Dr Amanda Piesse, lecturer in English Literature and Children’s Literature in Trinity College Dublin, has written a wonderful essay about The Wordsmith by Patricia Forde for Little Island.
Patricia Forde’s The Wordsmith conjures a post-apocalyptic society, Ark, where natural resources are in short supply and carefully measured out. There, language too is being forcibly rationed; it is limited to a proscriptive core vocabulary, List, in order to sequester and suppress knowledge, understanding, autonomy and self-expression, all in the name of survival. Forde’s aptly-named apprentice wordsmith Letta, far from being allowed to be a creator, is at best a curator of the words and concepts being withdrawn from circulation, at worst complicit in the cultural control that Ark’s founder, John Noa, deems necessary.
Letta already carries a catalogue of loss. Her parents set off in search of something better when she was a small child, leaving her in the care of master wordsmith Benjamin. She knows little of her own kinship history, but her apprenticeship gives her access to a unique historical cultural understanding. When her much –loved master fails to return from an official field trip, and the explanation given by Noa simply doesn’t tally with the material facts, Letta finds herself turning to the marginalised members of the counter-cultural movement –to the musicians, the artists and the poets, for whom the act of poetry is a rebel act – in her search for a better understanding.
The novel, set in the future, speaks simultaneously to the past and the present. One of the wordsmith’s tasks is to supply uniquely branded tally sticks to the primary school, a notch to be added for each use of a non-List word, fifteen notches to result in expulsion from the community. From this moment, the whole novel resonates with an extra paradigm of representation, the suppression of Irish under colonial oppression. At the same time, specialist vocabularies are available and allowed to specialist workers, from healers to gavvers (the word Forde borrows from Romany to denote the brutal and rather dull law enforcers), creating closed and exclusive communities of expertise. Only the wordsmith has access to them all; everyone else outside of these corporate clusters has no access to their language, and little access to their concepts, and is thus unable to intervene in their practices – a particularly modern complaint.
The novel aligns its readers with the position of the wordsmith. It is thus at once entirely accessible and subtly nuanced. The characters are sensitively evoked; patterns of speech in particular identify and distinguish them. Forde looks at the question of language from the perspectives of a range of characters, in a range of vocabularies, and offers different articulations of and from a number characters – sometimes she tells us what they say, sometimes what they think, using List for one and a richer interior voice for another. This conjures countless possibilities for the direction that the plot might take. The piece’s own rich vocabulary continually reminds the reader of all that would be lost were that vocabulary not available to the telling of this tale. The structure of the narrative walks its reader through carefully calibrated degrees of dystopic experience which repeatedly invite reflection on different kinds of deprivation and damage, and different kinds of response to humankind’s relationship with its environment, its kinship groups and its means of self-expression. John Noa’s argument for the restriction of language is that nuanced language admits deceit, that plenitude in language encourages desire for excess, that hot words result in war, that comfortable words can conceal catastrophic procrastination. Forde’s novel demonstrates that, indeed, all of this is so, but that that is part of human nature (all Forde’s characters are caught up in moral conundrums, even her heroes) and that language is the solution as well as part of the problem, ‘the final sign/that we are human, therefore not a herd’.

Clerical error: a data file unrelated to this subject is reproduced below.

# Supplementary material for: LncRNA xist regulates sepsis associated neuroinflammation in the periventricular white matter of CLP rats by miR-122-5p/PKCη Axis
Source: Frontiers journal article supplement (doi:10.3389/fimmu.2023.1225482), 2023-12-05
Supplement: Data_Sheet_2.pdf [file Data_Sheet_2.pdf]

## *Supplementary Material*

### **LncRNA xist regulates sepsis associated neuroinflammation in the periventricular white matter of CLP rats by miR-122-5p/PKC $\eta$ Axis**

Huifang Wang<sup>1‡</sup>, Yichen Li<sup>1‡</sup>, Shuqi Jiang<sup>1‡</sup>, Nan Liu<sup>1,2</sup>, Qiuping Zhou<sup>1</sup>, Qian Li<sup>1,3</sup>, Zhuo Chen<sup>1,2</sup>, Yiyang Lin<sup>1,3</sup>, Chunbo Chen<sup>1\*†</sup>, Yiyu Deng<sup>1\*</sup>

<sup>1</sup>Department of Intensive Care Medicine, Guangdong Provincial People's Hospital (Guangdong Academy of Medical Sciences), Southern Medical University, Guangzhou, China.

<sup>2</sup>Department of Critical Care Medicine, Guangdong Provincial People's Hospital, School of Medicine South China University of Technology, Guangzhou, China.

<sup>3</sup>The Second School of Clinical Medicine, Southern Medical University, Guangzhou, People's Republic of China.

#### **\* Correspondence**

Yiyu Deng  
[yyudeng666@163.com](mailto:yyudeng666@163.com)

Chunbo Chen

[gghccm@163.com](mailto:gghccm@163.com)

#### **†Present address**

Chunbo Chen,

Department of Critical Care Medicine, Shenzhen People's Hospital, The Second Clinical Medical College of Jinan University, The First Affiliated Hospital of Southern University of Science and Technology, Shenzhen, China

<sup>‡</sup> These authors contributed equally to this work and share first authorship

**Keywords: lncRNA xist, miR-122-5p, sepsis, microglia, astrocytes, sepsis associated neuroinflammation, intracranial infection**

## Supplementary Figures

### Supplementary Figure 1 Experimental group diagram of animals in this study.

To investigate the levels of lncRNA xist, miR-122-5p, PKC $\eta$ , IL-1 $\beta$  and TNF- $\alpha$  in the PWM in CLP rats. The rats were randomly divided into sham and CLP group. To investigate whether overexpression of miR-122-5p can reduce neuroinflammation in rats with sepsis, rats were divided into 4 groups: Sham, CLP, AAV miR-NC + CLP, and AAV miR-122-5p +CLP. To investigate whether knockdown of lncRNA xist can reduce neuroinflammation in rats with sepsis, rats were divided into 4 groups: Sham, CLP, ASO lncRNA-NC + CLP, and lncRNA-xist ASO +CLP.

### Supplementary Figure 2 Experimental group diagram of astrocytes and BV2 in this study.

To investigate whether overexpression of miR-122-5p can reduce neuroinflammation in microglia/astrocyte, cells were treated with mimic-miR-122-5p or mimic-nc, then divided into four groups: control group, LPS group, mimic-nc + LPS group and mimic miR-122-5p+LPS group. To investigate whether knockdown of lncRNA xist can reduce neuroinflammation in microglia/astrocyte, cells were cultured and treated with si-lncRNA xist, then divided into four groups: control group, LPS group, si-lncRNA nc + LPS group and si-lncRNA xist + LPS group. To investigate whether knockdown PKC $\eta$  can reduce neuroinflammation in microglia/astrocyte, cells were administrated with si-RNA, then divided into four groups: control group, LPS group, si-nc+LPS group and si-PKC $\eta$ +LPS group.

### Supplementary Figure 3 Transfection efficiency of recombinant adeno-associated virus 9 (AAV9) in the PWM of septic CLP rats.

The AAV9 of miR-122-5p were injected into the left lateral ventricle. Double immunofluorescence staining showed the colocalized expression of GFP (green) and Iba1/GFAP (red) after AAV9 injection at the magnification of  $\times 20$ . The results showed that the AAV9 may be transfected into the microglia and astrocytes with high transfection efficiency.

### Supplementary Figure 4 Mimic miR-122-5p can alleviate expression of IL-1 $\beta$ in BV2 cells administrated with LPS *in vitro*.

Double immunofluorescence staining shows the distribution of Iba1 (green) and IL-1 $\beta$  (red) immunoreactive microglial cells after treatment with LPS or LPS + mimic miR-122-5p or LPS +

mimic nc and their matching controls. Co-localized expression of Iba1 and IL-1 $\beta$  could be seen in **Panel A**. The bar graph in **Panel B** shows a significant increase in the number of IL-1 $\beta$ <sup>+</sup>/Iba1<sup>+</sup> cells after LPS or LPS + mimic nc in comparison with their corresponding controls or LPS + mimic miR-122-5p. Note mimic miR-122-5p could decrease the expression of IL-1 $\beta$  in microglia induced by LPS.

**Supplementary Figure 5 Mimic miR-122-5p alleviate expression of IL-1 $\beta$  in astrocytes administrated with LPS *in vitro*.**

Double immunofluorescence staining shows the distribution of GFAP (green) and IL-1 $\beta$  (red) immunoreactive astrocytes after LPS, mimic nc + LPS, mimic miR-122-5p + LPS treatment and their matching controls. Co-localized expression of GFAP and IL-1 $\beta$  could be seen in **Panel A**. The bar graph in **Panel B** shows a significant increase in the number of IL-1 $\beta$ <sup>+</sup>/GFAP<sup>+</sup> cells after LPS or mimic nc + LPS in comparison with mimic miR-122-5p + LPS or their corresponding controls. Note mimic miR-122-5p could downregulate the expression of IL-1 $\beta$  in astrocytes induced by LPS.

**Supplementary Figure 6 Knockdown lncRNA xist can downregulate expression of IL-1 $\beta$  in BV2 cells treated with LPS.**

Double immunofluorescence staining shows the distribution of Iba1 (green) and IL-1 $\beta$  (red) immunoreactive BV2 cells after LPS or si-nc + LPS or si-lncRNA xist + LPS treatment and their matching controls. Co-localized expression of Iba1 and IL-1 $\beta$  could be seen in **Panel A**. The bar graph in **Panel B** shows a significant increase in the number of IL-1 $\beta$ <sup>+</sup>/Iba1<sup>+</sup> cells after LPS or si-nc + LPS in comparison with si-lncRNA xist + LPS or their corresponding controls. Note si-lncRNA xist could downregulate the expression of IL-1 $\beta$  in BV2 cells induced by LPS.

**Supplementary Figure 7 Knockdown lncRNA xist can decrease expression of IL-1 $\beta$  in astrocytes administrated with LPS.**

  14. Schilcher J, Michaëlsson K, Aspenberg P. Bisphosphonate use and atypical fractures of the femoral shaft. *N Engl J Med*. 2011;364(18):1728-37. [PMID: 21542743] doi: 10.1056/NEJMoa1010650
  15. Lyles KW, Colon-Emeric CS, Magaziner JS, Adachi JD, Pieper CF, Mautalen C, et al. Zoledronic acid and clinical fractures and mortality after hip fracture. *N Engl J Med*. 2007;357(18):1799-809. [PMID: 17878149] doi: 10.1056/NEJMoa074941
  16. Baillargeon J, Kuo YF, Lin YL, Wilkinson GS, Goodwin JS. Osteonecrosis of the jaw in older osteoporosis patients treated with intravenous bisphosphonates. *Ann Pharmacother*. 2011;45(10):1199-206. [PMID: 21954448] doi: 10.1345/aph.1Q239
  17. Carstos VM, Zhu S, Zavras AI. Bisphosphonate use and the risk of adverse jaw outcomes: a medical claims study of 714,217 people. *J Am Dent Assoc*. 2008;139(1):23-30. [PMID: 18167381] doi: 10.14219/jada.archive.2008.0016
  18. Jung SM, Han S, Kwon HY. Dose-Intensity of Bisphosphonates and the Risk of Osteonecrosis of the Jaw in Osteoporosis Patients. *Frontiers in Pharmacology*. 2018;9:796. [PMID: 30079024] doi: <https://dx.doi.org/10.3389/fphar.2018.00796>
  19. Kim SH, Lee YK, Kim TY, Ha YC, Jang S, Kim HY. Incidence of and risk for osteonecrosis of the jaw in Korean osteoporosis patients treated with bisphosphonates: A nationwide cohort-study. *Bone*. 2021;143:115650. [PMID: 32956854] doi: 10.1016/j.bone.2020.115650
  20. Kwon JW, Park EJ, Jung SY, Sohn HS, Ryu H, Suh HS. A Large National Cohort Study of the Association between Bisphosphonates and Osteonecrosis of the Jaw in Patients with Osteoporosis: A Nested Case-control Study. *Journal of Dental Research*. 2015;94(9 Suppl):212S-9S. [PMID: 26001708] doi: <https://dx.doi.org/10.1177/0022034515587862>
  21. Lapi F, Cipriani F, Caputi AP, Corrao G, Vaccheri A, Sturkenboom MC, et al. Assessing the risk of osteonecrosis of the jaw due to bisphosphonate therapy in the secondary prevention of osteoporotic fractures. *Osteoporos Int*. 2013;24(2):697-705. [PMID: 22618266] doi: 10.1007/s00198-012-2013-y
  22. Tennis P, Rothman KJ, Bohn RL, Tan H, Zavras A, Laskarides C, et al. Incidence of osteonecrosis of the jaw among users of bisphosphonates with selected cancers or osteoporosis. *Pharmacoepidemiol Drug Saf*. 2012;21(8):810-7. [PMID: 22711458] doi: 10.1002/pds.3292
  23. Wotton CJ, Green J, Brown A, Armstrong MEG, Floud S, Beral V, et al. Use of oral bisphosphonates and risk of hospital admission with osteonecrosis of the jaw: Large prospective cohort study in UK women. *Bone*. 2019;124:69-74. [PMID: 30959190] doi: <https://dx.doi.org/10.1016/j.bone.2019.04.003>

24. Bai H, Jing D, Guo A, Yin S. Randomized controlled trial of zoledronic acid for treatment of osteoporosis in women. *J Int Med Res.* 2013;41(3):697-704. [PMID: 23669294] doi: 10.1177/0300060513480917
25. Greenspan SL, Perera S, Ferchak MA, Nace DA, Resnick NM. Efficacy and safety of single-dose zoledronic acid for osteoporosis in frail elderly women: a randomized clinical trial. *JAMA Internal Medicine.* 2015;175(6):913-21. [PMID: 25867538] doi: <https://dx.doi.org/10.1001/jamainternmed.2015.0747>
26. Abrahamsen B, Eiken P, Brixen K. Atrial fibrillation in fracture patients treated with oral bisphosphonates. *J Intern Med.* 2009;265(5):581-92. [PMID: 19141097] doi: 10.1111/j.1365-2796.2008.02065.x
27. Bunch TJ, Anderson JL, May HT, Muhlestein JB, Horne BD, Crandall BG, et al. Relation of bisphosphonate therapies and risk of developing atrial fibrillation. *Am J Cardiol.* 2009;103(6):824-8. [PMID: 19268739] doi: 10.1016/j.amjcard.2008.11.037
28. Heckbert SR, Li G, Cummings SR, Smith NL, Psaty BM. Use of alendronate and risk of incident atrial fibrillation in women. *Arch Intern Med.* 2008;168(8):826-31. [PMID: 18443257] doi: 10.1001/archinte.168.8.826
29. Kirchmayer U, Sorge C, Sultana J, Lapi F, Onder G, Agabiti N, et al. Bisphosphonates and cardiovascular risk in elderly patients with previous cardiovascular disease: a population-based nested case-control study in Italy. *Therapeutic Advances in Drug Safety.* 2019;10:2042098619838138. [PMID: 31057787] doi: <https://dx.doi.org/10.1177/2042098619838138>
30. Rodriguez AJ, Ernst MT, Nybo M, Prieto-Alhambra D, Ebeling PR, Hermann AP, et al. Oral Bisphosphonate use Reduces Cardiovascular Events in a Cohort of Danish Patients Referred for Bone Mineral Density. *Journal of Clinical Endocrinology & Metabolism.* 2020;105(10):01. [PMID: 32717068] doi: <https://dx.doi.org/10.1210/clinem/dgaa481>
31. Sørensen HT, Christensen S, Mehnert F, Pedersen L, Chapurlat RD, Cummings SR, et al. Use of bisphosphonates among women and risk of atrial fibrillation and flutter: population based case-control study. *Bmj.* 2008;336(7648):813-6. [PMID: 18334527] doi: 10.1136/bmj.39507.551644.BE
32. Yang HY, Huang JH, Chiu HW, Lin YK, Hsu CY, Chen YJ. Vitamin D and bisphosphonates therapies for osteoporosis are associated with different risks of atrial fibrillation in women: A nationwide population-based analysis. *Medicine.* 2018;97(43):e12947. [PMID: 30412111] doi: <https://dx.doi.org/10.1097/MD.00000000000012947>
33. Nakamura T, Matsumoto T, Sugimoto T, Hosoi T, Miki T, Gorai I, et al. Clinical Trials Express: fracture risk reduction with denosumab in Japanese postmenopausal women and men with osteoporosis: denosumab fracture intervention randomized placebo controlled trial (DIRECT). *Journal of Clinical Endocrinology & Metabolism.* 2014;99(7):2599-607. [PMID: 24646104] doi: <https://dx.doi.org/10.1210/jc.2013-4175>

The point that language allows us access to who we are and reveals who we are is made explicit towards the end of the novel:
‘We need words,’ [Letta] said. ‘Why can’t you see that? We can think because we have words. Without them, we won’t have memory to look at the past or imagination to glimpse the future. Without words we will be imprisoned in the here and now for ever.’ [Noa] shook his head.
‘Would that be so bad?’ he said.
‘Yes!’ Letta shouted. ‘Of course it would. The here and now is only the smallest part of who we are. Each of us is all that we have been, all of our stories, all that we could be …’
It’s an articulation towards which the entire novel has built, which the novel has already demonstrated with all the tools available to it.
A novel in the tradition of Orwell’s 1984 and Hoban’s Riddley Walker, The Wordsmith reminds us all of the power and responsibility that comes with language, and of all that we lose if we neglect its power. It’s a work of art that contains within itself the reason why it is so and no other way.